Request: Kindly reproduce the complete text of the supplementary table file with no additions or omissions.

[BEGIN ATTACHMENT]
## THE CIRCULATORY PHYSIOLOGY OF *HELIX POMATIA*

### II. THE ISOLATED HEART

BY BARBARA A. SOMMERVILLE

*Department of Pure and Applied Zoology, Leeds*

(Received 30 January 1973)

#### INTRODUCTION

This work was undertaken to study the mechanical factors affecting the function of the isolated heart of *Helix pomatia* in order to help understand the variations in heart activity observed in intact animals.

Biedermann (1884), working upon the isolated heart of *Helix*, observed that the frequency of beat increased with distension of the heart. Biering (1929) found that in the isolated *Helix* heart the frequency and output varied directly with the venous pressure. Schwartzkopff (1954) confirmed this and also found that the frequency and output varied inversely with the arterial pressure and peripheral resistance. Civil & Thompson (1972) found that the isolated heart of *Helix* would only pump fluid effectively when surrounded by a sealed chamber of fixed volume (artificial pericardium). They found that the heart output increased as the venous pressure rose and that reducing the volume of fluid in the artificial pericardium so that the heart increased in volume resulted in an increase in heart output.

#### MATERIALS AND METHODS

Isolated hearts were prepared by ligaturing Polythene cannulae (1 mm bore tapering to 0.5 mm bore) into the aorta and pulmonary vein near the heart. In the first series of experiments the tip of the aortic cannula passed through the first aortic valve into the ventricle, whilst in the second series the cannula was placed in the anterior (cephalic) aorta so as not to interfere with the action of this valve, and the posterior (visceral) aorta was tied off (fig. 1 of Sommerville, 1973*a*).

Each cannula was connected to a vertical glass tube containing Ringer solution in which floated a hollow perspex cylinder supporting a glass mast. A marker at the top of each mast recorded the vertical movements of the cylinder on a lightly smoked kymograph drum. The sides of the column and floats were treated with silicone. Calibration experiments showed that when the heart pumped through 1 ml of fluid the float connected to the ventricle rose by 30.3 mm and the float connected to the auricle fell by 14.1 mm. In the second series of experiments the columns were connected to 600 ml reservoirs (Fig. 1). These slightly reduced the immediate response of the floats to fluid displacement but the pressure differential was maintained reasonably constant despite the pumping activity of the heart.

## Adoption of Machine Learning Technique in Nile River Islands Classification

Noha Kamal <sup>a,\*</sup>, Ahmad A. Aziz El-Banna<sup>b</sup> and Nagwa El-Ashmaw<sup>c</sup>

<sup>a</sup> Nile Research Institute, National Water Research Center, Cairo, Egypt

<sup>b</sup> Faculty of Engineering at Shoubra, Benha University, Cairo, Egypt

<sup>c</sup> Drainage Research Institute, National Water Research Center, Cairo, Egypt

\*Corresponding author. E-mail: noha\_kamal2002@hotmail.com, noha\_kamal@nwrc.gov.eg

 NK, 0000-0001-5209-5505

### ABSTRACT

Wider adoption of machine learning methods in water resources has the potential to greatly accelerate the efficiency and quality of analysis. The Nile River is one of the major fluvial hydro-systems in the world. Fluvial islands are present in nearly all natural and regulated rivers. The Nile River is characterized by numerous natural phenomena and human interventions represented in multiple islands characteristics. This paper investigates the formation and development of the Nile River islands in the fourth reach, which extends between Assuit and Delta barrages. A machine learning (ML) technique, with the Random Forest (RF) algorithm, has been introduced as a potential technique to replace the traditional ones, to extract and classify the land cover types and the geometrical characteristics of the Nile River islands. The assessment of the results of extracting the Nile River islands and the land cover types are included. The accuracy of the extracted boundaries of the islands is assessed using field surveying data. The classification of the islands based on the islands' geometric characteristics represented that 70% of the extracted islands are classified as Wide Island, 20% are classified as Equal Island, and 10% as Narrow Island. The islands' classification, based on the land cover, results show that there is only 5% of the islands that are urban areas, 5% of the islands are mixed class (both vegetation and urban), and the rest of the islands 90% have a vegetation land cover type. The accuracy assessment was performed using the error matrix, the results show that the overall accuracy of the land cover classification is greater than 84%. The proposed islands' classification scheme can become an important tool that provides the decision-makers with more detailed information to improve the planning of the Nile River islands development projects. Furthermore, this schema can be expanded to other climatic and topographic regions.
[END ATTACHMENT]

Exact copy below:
## THE CIRCULATORY PHYSIOLOGY OF *HELIX POMATIA*

### II. THE ISOLATED HEART

BY BARBARA A. SOMMERVILLE

*Department of Pure and Applied Zoology, Leeds*

(Received 30 January 1973)

#### INTRODUCTION

This work was undertaken to study the mechanical factors affecting the function of the isolated heart of *Helix pomatia* in order to help understand the variations in heart activity observed in intact animals.

Biedermann (1884), working upon the isolated heart of *Helix*, observed that the frequency of beat increased with distension of the heart. Biering (1929) found that in the isolated *Helix* heart the frequency and output varied directly with the venous pressure. Schwartzkopff (1954) confirmed this and also found that the frequency and output varied inversely with the arterial pressure and peripheral resistance. Civil & Thompson (1972) found that the isolated heart of *Helix* would only pump fluid effectively when surrounded by a sealed chamber of fixed volume (artificial pericardium). They found that the heart output increased as the venous pressure rose and that reducing the volume of fluid in the artificial pericardium so that the heart increased in volume resulted in an increase in heart output.

#### MATERIALS AND METHODS

Isolated hearts were prepared by ligaturing Polythene cannulae (1 mm bore tapering to 0.5 mm bore) into the aorta and pulmonary vein near the heart. In the first series of experiments the tip of the aortic cannula passed through the first aortic valve into the ventricle, whilst in the second series the cannula was placed in the anterior (cephalic) aorta so as not to interfere with the action of this valve, and the posterior (visceral) aorta was tied off (fig. 1 of Sommerville, 1973*a*).

Each cannula was connected to a vertical glass tube containing Ringer solution in which floated a hollow perspex cylinder supporting a glass mast. A marker at the top of each mast recorded the vertical movements of the cylinder on a lightly smoked kymograph drum. The sides of the column and floats were treated with silicone. Calibration experiments showed that when the heart pumped through 1 ml of fluid the float connected to the ventricle rose by 30.3 mm and the float connected to the auricle fell by 14.1 mm. In the second series of experiments the columns were connected to 600 ml reservoirs (Fig. 1). These slightly reduced the immediate response of the floats to fluid displacement but the pressure differential was maintained reasonably constant despite the pumping activity of the heart.

## Adoption of Machine Learning Technique in Nile River Islands Classification

Noha Kamal <sup>a,\*</sup>, Ahmad A. Aziz El-Banna<sup>b</sup> and Nagwa El-Ashmaw<sup>c</sup>

<sup>a</sup> Nile Research Institute, National Water Research Center, Cairo, Egypt

<sup>b</sup> Faculty of Engineering at Shoubra, Benha University, Cairo, Egypt

<sup>c</sup> Drainage Research Institute, National Water Research Center, Cairo, Egypt

\*Corresponding author. E-mail: noha\_kamal2002@hotmail.com, noha\_kamal@nwrc.gov.eg

 NK, 0000-0001-5209-5505

### ABSTRACT

Wider adoption of machine learning methods in water resources has the potential to greatly accelerate the efficiency and quality of analysis. The Nile River is one of the major fluvial hydro-systems in the world. Fluvial islands are present in nearly all natural and regulated rivers. The Nile River is characterized by numerous natural phenomena and human interventions represented in multiple islands characteristics. This paper investigates the formation and development of the Nile River islands in the fourth reach, which extends between Assuit and Delta barrages. A machine learning (ML) technique, with the Random Forest (RF) algorithm, has been introduced as a potential technique to replace the traditional ones, to extract and classify the land cover types and the geometrical characteristics of the Nile River islands. The assessment of the results of extracting the Nile River islands and the land cover types are included. The accuracy of the extracted boundaries of the islands is assessed using field surveying data. The classification of the islands based on the islands' geometric characteristics represented that 70% of the extracted islands are classified as Wide Island, 20% are classified as Equal Island, and 10% as Narrow Island. The islands' classification, based on the land cover, results show that there is only 5% of the islands that are urban areas, 5% of the islands are mixed class (both vegetation and urban), and the rest of the islands 90% have a vegetation land cover type. The accuracy assessment was performed using the error matrix, the results show that the overall accuracy of the land cover classification is greater than 84%. The proposed islands' classification scheme can become an important tool that provides the decision-makers with more detailed information to improve the planning of the Nile River islands development projects. Furthermore, this schema can be expanded to other climatic and topographic regions.